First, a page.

Coffee and Fair Trade

Hello, my name is Miranda Kraus, and I’m a coffee-holic. Ever since I thought it would be “cool” and “adult-like” to start drinking coffee my freshman year of high school, I’ve developed a physical and psychological need to drink at least a cup every day. Frighteningly, I’m not in the minority. The National Coffee Association reported that 54% of Americans over the age of 18 drink coffee every day. The United States alone buys more than 22% of world coffee imports, which shows an interesting wealth polarity between the consumers and producers of coffee. Coffee is the second most valuable commodity exported from developing countries, and in many countries, make up over 50% of their export earnings, thereby being a vital part of their economy. It is important that these developing economies can expand and thrive. This is exactly how Fair Trade comes into play: “to empower family farmers and workers around the world, while enriching the lives of those struggling in poverty.”

The characteristics of Fair Trade include a price floor, a price premium, and certain environmental and structural standards. The price floor for coffee, which is currently $1.40 per pound, is meant to cover costs of sustainable production and give producers a more livable wage. At times where the market price is higher than $1.40, buyers guarantee to pay 20 cents higher than the New York market price. This promise to pay higher than market price also reduces the risks faced by producers, because not all of the coffee will be eligible to be sold as Fair Trade. In fact, in 2012, 430,000 metric tons of Fair Trade Certified coffee was produced, but only 30% was actually sold under Fair Trade conditions. In addition, coffee consumers pay 20 cents per pound higher than the natural sales price. This is a sort of social premium because that extra money is given to the farmer cooperation to democratically decide how to spend the extra money. Most is used on investments to increase farmer productivity, but the money is also often used on infrastructural developments and education within the producer’s town. In order for a producer to become Fair Trade Certified, it must adhere to a variety of labor and production standards, primarily to ensure environmental sustainability. For example, producers are prohibited to use harmful agrochemicals and genetic modification and possible and work toward more natural methods of growing. To ensure this, producers must send environmental impact statements to Fair Trade International.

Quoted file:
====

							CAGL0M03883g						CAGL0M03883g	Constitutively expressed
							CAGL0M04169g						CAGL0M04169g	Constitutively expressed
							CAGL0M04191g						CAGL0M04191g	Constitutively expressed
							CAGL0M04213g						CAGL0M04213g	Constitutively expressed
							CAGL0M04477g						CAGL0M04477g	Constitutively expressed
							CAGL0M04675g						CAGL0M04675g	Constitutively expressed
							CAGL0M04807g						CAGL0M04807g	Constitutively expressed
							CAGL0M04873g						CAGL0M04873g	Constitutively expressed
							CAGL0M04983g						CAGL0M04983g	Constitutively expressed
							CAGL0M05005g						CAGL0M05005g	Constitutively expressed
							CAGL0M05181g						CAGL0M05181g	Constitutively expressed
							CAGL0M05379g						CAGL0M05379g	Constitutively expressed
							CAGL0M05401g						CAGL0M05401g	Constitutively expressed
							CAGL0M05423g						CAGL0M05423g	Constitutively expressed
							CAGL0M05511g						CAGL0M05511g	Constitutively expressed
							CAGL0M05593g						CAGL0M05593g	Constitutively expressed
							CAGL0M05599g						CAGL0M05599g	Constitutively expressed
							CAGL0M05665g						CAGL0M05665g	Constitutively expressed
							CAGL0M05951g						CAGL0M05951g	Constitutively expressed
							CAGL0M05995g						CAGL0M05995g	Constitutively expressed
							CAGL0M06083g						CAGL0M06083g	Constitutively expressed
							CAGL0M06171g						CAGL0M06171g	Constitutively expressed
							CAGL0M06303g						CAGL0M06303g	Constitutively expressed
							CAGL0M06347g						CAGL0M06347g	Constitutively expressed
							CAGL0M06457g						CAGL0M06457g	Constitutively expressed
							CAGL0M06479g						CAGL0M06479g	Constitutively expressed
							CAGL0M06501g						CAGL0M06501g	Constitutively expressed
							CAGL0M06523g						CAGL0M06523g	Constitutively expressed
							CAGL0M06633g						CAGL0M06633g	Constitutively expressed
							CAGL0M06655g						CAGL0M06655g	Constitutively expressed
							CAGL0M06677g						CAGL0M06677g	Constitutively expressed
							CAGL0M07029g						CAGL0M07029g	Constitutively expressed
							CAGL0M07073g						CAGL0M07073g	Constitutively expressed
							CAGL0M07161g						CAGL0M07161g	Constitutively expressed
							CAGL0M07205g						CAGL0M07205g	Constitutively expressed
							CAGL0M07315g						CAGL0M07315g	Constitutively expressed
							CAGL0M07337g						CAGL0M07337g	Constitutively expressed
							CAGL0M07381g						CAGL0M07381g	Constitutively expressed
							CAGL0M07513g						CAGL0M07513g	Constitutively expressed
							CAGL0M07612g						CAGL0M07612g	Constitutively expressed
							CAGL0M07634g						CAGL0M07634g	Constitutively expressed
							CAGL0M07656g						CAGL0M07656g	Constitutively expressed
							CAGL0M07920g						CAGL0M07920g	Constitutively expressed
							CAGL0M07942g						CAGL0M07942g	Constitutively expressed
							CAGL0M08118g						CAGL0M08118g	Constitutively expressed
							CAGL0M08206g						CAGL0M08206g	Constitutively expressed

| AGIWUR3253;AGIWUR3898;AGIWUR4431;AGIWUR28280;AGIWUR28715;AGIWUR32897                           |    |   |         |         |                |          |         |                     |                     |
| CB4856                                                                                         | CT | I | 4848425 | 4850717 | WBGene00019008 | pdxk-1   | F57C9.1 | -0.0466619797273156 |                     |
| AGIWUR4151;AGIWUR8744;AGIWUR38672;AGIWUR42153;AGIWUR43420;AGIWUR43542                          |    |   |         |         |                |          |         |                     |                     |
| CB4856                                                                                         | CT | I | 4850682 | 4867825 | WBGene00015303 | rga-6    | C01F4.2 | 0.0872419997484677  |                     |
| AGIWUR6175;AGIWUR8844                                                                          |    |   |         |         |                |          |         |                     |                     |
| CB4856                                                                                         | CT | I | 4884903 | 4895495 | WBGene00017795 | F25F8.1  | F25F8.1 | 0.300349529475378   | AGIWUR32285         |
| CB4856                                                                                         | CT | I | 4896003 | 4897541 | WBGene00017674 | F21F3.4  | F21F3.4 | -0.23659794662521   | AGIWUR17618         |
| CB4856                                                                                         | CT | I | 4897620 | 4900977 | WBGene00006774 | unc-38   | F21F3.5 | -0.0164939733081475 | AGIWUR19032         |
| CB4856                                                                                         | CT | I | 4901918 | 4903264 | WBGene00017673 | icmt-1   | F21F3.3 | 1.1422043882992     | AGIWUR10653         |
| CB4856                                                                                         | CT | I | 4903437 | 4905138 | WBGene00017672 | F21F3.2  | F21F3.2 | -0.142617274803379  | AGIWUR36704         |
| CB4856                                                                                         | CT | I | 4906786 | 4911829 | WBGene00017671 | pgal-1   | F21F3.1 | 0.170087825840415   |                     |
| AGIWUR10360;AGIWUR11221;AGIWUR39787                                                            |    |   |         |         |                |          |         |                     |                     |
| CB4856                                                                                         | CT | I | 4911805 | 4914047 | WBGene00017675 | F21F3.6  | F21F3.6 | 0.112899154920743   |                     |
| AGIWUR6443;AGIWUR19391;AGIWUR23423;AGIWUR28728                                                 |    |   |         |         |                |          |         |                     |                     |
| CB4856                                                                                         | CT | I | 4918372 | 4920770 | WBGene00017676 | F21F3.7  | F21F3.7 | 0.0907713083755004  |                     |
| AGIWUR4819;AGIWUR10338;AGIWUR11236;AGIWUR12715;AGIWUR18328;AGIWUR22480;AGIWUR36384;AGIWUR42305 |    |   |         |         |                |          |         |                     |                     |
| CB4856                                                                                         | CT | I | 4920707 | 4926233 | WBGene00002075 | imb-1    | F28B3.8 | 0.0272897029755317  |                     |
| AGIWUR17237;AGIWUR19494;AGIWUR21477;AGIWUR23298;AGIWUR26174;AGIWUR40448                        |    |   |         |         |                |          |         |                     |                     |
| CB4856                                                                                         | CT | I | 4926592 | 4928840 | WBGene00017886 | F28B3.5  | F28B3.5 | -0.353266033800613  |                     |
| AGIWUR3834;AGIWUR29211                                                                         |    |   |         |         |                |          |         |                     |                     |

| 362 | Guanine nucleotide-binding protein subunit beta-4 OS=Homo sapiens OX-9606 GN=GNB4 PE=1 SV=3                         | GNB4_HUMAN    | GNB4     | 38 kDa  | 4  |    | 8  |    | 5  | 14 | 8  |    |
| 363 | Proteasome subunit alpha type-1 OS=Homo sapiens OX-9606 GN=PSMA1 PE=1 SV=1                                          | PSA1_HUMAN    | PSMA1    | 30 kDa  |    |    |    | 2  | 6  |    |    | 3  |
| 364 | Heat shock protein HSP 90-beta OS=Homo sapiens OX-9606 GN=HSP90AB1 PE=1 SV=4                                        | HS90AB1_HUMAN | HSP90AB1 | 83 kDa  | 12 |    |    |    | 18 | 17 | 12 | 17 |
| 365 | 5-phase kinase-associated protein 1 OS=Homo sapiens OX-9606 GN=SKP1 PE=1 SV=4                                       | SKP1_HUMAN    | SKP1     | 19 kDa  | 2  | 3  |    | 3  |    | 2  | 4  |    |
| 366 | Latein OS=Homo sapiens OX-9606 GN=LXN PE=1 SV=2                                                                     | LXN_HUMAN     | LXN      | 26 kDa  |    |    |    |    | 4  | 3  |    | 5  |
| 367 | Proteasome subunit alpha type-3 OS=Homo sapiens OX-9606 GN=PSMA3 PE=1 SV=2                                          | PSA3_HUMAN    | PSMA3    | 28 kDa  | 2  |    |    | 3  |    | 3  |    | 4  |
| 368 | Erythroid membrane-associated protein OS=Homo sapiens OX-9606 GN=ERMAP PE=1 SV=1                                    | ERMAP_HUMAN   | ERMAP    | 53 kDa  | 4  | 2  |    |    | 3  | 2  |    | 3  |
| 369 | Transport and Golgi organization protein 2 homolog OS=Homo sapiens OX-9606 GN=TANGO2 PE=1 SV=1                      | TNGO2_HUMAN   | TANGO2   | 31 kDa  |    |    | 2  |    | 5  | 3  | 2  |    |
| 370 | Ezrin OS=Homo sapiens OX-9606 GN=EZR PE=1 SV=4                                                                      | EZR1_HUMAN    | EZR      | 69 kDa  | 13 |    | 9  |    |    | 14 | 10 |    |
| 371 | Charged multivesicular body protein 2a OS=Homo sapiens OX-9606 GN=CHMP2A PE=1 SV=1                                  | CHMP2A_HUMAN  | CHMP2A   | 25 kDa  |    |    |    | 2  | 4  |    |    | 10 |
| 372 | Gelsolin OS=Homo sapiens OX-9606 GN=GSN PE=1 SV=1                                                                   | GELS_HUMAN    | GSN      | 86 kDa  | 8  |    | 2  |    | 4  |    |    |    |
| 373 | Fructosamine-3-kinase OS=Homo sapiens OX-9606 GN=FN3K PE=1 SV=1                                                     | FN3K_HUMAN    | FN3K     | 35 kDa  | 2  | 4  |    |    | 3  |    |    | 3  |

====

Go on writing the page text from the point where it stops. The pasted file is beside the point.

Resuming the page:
Of course, there are critiques of the Fair Trade model. According to the Stanford Social Innovation Review, Fair Trade doesn’t actually alter the circumstances of the poorest producers in the community. In most developing countries, especially in South America, the poorest producers tend to be migrant laborers who do not have the resources to own land, meaning that they are unable to join a Fair Trade Certified cooperative. Many developmental economists argue that Fair Trade should expand the model to serve this population, but nobody can agree on exactly how to do so. In addition, the high cost of becoming Fair Trade Certified inhibits a less well-off farmer’s desire to sell at a Fair Trade price. Fair Trade Certification costs about 3 cents per pound, which can make a huge difference to producers that are barely getting by. Despite the flaws of Fair Trade, I believe that the model is very important in raising social and environmental awareness of the supply chain that has the potential to evolve into truly becoming an aid to alleviate poverty.

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